We don’t typically associate parks with social issues like race and class. But race and class matter when it comes to parks and recreation. Longtime Chicagoans will remember the campaign in the early 1960s to integrate Rainbow Beach in the then white neighborhood of South Shore—one of many examples of the color lines around Chicago’s public spaces.
Parks are where we relax, grill, exercise, walk the dog and watch our kids play sports. What can be more universal than that? But not long ago, race alone determined the quality of neighborhood parks in Chicago.
In 1982, the Chicago Park District was sued by the U.S. Justice Department for lavishing federal dollars on parks in white areas while shortchanging those in black and Latino communities. The district was under a court order for six years to make its parks more equitable.
In the Chicago Reporter’s summer issue, reporter Angela Caputo examines how city parks have fared since then. The court order made a difference. Today, black communities have more money for staff and maintenance than white ones. But a disproportionate number of Latino communities, which are home to the city’s fastest-growing population, don’t have adequate services and facilities. The Park District acknowledges that the communities need more facilities and programs. It will take money to resolve lingering inequities.
Angela writes: “More than half of the $500 million spent on Park District improvements since 2011, the year Mayor Rahm Emanuel was elected, went to just 10 of the city’s 77 neighborhoods—seven of them are increasingly white, affluent and have access to outside money.”
A big part of the problem is how park upgrades are financed, Angela reports. Park improvements increasingly rely on grants, capital funds designated for aldermen and special taxing districts known as TIFs. If a neighborhood doesn’t have access to money, it’s tougher to purchase new land and equipment.
A Chicago Reporter investigation of the Park District triggered the 1983 court order. In 1975, reporter Stephan Garnett went to Marquette Park on the city’s Southwest Side to photograph its facilities. The plan was to compare Marquette’s amenities to those in other parks across the city. At the time, the community surrounding the park was a no-go zone for African Americans. Garnett, who is black, was attacked by a white mob that later torched his car. Managing editor Tom Brune picked up the investigation. The Justice Department cited the Reporter’s work in its investigation of city parks.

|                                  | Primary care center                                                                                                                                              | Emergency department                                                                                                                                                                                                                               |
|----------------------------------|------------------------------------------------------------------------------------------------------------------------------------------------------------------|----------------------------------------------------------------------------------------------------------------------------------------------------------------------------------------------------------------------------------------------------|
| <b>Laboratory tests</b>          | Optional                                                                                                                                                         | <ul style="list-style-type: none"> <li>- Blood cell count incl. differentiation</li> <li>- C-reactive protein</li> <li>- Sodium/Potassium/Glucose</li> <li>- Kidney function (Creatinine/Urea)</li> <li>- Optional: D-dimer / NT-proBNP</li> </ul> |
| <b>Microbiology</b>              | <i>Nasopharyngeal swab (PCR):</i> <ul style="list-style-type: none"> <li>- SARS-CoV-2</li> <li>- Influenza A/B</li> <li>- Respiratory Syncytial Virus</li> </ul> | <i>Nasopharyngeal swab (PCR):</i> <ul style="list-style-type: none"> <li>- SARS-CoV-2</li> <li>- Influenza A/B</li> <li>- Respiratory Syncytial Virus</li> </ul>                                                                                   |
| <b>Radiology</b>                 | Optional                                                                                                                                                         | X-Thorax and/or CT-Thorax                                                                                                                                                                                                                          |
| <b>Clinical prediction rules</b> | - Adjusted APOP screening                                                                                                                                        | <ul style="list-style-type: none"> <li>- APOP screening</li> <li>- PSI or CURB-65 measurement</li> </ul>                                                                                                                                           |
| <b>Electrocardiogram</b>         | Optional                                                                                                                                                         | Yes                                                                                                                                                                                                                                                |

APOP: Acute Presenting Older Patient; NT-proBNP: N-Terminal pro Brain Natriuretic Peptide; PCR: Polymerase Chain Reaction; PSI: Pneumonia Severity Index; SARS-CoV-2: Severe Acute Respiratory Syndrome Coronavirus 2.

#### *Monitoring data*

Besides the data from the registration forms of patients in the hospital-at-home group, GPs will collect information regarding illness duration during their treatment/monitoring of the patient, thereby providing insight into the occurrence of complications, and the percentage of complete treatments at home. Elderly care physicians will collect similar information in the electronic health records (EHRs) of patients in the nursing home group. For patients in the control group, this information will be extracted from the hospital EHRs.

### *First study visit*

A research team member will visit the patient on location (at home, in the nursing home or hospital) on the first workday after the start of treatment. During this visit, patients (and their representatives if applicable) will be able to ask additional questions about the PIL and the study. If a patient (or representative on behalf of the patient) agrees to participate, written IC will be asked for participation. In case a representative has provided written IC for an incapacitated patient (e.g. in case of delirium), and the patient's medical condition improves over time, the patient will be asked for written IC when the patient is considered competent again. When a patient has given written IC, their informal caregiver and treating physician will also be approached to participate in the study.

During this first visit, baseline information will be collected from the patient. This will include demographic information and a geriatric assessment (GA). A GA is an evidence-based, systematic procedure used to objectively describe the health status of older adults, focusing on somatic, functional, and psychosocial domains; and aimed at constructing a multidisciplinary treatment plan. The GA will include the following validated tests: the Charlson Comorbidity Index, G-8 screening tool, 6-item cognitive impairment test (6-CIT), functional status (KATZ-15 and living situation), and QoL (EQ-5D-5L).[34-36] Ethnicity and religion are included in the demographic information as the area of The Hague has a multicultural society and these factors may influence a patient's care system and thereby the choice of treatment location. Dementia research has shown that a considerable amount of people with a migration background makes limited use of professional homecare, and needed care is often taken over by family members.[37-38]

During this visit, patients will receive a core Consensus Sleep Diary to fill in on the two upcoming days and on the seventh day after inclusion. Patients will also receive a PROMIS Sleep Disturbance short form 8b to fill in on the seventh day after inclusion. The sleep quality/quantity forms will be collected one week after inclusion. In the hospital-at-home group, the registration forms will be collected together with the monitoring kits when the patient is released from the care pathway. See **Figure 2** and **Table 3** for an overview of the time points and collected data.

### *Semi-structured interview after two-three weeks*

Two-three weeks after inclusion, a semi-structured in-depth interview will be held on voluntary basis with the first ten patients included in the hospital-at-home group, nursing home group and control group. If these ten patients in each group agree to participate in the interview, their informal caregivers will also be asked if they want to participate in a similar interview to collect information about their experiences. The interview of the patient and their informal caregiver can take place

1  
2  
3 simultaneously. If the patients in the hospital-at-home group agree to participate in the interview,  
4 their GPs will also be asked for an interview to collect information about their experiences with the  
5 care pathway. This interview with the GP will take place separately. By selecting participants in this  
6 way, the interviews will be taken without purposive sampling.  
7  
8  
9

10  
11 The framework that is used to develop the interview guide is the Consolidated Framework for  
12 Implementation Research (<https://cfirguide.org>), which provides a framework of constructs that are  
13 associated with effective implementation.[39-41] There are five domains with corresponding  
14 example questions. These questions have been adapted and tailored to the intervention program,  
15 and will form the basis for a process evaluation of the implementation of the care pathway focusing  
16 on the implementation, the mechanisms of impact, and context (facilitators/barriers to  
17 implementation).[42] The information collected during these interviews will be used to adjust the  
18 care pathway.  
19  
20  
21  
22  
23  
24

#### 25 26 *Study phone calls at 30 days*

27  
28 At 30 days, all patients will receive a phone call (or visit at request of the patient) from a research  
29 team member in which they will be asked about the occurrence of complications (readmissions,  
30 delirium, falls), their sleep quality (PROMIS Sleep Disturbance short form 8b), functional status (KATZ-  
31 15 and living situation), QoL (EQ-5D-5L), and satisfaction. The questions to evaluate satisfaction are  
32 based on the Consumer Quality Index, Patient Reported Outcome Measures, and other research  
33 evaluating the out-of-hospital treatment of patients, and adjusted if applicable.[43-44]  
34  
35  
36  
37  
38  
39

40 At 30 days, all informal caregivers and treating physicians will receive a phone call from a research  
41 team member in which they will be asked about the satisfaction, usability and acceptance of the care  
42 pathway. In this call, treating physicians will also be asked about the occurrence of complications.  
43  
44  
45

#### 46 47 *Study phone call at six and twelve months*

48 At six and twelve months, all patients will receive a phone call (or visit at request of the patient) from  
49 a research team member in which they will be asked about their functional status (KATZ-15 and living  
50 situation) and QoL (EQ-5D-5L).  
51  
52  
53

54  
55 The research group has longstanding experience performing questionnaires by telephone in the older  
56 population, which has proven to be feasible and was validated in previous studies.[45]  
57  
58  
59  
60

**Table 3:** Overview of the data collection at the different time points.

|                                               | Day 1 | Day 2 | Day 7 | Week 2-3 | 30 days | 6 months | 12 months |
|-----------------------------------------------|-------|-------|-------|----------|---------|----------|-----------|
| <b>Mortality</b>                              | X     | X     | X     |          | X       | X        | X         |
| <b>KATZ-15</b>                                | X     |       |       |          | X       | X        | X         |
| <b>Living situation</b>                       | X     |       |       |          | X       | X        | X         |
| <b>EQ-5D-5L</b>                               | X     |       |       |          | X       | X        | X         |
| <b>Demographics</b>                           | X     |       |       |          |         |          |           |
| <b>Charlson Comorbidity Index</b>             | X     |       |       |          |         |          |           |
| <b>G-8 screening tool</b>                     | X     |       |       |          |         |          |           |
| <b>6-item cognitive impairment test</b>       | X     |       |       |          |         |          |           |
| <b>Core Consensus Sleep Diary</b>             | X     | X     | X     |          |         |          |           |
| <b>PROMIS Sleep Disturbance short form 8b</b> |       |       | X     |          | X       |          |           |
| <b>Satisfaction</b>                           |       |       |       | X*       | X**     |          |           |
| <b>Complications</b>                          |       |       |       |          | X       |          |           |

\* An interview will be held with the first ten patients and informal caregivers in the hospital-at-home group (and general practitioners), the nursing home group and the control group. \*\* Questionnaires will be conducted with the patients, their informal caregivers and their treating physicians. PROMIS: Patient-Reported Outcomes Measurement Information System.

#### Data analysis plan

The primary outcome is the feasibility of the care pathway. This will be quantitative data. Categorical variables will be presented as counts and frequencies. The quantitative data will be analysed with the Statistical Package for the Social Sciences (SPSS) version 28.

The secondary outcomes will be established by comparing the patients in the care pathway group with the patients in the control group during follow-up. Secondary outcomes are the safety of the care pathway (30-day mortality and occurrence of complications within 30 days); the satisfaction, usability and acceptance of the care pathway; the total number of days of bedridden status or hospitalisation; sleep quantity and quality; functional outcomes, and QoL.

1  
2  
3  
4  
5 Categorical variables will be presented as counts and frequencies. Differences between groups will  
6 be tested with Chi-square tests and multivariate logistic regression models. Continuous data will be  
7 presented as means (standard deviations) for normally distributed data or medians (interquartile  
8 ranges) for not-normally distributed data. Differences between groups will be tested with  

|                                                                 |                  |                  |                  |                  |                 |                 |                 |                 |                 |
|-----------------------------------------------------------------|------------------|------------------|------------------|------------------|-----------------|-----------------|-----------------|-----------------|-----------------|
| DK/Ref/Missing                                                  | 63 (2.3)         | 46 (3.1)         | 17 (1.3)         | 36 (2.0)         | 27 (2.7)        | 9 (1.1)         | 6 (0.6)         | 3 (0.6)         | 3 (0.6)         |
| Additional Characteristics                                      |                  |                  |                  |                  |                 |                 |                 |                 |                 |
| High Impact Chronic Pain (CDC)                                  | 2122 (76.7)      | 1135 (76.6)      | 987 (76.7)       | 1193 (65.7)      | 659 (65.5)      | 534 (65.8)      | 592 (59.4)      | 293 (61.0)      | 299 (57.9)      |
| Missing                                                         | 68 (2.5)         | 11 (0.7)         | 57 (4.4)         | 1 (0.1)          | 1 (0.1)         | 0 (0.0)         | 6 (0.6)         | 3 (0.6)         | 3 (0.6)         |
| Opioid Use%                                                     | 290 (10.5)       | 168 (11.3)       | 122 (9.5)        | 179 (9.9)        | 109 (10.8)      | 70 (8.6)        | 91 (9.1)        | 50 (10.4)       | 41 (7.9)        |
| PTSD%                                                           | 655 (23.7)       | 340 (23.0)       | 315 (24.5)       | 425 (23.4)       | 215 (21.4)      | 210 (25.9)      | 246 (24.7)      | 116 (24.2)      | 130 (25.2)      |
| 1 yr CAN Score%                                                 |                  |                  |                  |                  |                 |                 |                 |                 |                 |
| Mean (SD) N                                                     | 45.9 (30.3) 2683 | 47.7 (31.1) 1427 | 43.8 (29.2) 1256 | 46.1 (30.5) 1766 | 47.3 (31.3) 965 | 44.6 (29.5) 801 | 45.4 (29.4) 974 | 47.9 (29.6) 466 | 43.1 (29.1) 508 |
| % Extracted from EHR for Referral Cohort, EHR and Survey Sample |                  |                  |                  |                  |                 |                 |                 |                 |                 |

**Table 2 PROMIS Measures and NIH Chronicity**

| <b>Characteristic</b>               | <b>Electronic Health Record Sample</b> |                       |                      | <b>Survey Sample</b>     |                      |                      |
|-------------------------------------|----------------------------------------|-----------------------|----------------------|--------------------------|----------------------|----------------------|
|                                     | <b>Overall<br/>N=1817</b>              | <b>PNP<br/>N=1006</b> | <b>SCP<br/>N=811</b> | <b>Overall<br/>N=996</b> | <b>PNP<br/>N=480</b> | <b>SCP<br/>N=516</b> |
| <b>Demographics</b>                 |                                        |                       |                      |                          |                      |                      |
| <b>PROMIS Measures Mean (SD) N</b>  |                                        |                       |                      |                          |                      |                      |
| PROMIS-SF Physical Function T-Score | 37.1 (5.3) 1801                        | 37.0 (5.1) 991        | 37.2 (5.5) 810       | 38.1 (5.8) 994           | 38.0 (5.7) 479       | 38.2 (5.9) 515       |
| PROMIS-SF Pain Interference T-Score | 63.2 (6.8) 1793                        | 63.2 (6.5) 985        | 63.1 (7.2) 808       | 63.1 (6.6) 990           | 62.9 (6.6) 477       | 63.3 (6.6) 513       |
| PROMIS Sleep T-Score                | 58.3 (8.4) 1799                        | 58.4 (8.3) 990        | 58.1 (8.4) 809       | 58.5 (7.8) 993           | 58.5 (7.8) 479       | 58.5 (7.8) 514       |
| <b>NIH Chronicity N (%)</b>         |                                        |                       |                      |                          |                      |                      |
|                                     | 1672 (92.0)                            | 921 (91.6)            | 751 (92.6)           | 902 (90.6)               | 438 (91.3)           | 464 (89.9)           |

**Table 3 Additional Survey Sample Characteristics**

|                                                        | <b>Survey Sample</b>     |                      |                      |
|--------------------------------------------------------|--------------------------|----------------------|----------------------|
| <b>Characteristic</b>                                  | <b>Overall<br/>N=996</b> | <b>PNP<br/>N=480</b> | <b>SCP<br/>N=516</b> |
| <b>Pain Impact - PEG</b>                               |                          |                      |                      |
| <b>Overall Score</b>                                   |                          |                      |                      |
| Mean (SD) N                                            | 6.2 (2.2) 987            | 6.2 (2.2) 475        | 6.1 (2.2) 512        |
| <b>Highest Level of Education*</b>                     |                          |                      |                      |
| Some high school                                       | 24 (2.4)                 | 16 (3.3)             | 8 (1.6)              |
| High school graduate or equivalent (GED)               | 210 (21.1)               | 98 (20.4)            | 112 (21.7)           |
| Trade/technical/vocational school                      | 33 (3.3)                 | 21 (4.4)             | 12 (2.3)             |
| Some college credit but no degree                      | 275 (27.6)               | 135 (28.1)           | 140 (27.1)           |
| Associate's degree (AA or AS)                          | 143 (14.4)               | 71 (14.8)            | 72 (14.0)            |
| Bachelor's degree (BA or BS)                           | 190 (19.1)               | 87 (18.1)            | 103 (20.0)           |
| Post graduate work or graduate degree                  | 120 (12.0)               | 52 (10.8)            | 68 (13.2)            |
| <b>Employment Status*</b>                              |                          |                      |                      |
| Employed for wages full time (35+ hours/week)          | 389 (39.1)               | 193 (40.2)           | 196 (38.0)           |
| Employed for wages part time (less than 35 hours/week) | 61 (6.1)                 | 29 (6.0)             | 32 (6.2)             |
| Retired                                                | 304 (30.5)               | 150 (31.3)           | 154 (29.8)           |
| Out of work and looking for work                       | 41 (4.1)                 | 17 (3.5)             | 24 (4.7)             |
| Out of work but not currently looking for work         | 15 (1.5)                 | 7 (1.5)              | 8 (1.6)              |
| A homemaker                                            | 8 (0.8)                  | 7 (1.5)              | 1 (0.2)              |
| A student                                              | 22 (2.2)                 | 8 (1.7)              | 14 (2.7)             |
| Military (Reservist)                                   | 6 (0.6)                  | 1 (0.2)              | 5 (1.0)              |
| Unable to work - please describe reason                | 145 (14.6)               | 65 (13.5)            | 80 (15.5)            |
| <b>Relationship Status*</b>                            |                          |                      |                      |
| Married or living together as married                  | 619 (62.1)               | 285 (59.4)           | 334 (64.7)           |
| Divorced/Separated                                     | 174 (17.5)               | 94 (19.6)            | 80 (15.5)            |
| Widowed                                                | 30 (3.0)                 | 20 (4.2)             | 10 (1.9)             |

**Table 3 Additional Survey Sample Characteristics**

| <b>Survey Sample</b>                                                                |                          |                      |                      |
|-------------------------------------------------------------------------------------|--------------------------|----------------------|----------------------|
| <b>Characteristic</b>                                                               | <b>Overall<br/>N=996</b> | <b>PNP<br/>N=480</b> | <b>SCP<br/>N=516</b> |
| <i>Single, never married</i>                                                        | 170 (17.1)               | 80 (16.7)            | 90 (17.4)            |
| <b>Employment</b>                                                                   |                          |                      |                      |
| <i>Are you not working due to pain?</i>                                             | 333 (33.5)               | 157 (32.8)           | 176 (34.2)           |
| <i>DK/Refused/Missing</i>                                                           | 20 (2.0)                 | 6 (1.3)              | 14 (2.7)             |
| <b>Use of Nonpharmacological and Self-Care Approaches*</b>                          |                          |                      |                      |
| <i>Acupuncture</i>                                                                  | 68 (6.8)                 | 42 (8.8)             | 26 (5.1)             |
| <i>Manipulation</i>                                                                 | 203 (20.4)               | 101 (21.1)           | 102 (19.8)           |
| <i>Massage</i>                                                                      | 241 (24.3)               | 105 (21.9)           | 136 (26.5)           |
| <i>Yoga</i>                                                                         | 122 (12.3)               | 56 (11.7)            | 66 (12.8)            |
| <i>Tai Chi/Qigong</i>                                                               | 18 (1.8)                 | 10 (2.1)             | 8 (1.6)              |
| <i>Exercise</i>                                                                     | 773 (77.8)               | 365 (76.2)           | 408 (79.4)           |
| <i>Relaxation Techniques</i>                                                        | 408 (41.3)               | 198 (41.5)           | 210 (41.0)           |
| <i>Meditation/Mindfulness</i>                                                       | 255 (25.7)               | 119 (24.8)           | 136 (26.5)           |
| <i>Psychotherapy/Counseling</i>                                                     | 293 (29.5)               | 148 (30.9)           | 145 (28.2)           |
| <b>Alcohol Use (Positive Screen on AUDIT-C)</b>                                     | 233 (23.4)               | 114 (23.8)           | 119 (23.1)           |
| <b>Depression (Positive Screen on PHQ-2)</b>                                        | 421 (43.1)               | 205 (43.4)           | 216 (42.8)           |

It feels right all these years later to revisit the status of the parks. Go to chicagoreporter.com to see how your neighborhood park compares to others citywide.
This June marked the 50th anniversary of Freedom Summer, when nearly 1,000 students, mostly white and from elite universities, descended on Mississippi to help register black people to vote.
Chicago has a significant connection to that summer. James Forman, the executive secretary of the Student Nonviolent Coordinating Committee (SNCC) in the summer of 1964, was raised in Chicago. And the Chicago Area Friends of SNCC supported the struggle in the South while bringing the freedom movement to Chicago Public Schools.
In 1963, the friends group organized a boycott of schools and its notorious “Willis Wagons,” named for Superintendent Benjamin Willis. Black schools were overcrowded, but instead of letting students attend less-crowded white schools, Willis ordered that trailers be placed on black campuses to address the problem.
Two archives take us deeper into the events of Freedom Summer and their impact on the civil rights struggle in Chicago. We explored them for our commemoration of Freedom Summer. The Chicago SNCC History Project Archives is at the Chicago Public Library’s Vivian G. Harsh Research Collection at the Carter G. Woodson Regional Library. To view a guide to the collection, go to chipublib.org.
The Wisconsin Historical Society also has an extensive Freedom Summer digital collection, as well as a list of students who participated in the voter registration efforts in Mississippi. To view the online collection, go to wisconsinhistory.org.